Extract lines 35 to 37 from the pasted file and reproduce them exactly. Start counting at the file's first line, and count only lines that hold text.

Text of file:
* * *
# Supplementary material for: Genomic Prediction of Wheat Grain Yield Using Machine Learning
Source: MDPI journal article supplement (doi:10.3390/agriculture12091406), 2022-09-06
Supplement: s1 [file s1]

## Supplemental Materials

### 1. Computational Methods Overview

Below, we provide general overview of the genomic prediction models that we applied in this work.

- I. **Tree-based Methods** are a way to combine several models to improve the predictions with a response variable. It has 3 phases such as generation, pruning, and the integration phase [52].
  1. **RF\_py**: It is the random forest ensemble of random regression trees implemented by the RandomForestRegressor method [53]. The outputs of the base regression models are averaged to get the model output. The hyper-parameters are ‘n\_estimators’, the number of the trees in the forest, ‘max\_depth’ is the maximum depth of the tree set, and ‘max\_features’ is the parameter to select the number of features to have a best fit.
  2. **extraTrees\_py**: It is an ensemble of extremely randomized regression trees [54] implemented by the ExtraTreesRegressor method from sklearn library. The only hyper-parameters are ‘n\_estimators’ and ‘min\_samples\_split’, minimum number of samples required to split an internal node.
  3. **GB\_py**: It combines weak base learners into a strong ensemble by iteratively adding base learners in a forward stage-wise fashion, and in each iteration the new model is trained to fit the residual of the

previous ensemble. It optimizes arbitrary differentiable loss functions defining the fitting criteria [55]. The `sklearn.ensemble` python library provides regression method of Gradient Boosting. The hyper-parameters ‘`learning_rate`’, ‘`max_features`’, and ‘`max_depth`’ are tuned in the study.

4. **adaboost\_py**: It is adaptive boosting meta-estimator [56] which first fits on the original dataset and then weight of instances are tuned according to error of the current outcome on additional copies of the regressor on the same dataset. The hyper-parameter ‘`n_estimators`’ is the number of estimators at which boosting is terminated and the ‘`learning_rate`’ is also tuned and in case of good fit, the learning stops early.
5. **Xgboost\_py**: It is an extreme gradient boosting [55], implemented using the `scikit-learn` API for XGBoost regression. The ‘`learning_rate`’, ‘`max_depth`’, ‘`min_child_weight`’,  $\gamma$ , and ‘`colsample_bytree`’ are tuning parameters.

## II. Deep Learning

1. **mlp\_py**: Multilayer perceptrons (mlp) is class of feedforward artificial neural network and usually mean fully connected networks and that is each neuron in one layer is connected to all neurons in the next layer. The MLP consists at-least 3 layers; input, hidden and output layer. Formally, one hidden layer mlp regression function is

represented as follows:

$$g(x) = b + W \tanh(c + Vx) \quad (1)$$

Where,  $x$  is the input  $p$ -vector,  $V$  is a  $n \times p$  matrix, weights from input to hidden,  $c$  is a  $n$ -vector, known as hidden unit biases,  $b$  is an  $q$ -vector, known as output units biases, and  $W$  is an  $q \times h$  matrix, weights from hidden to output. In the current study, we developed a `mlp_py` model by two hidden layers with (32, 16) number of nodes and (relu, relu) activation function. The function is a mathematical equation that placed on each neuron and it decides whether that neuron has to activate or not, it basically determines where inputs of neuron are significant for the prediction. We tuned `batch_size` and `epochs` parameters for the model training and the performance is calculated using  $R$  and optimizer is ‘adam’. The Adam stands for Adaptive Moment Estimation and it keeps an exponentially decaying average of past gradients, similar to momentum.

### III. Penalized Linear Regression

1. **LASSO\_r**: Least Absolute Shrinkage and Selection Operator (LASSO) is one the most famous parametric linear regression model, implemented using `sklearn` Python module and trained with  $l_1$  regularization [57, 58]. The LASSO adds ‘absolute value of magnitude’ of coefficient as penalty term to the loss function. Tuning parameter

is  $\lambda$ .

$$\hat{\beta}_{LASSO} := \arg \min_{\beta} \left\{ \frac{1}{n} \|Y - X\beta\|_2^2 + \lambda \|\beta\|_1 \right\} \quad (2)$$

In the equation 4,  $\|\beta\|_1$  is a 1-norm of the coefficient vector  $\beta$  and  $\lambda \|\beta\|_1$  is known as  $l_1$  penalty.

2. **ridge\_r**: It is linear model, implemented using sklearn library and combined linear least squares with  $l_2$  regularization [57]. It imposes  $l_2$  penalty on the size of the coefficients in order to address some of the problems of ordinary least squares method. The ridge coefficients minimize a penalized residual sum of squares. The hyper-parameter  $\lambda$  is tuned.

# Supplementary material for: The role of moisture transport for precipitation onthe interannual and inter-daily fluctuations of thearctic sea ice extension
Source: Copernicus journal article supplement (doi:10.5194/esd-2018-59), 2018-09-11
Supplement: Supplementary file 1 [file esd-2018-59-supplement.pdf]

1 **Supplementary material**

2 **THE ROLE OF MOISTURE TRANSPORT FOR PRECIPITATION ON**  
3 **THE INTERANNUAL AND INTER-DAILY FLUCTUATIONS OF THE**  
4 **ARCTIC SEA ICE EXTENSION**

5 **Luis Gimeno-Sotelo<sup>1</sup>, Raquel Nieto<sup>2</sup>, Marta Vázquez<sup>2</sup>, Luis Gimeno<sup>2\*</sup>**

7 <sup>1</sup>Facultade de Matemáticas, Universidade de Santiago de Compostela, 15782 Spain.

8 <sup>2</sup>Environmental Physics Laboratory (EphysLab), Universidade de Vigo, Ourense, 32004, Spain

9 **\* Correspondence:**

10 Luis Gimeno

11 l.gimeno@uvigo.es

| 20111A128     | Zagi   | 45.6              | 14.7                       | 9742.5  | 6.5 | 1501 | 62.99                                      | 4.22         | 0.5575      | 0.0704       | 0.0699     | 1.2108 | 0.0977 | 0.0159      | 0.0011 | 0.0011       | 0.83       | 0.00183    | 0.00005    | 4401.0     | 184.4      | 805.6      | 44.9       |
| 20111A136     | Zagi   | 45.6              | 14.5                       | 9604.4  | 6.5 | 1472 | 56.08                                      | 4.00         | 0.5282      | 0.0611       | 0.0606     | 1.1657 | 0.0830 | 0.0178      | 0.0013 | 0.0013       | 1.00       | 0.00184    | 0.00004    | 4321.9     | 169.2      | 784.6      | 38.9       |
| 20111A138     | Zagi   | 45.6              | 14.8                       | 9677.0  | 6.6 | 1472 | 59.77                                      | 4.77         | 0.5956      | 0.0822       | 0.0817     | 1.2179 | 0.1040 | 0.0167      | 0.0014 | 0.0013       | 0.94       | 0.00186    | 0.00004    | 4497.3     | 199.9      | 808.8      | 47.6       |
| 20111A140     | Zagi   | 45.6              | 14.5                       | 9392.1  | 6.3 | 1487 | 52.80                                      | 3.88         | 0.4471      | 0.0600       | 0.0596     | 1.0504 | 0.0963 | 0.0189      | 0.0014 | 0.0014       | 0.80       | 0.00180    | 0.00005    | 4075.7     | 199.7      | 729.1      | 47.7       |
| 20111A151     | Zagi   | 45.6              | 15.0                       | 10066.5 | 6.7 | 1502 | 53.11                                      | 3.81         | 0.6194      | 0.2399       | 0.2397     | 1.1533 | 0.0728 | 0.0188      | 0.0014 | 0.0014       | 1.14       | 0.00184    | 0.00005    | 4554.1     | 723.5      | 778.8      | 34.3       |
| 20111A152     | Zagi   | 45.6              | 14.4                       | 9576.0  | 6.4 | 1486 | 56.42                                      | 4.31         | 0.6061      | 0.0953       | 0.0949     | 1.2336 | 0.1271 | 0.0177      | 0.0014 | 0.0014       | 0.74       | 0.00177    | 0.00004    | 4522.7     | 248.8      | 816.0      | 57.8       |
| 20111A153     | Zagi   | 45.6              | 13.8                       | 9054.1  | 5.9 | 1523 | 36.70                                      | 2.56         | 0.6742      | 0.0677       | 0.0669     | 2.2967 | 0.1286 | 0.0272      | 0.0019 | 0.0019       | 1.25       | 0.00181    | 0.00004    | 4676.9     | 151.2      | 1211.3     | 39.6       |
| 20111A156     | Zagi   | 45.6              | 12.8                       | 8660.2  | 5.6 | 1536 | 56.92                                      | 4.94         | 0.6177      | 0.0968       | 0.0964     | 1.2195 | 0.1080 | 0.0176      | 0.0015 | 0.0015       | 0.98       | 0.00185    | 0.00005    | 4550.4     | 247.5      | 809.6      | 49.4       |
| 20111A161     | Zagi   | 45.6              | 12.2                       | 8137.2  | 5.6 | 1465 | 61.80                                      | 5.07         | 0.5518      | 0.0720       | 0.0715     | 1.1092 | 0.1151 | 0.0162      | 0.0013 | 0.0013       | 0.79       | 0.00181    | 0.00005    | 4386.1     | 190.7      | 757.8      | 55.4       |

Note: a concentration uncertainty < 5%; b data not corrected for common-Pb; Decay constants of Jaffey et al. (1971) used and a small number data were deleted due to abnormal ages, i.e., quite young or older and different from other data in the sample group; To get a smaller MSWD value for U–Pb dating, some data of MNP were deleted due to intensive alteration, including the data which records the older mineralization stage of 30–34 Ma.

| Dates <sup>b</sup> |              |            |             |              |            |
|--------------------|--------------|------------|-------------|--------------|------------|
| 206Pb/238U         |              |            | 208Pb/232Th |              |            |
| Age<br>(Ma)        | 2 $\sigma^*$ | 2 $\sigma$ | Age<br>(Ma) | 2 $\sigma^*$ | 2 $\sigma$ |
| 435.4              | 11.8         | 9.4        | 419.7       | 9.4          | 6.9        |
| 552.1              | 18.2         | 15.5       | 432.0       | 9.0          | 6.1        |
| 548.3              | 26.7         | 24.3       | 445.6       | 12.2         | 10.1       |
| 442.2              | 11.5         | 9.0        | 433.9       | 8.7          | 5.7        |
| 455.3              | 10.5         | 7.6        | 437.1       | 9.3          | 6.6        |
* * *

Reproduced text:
9 **\* Correspondence:**

10 Luis Gimeno

11 l.gimeno@uvigo.es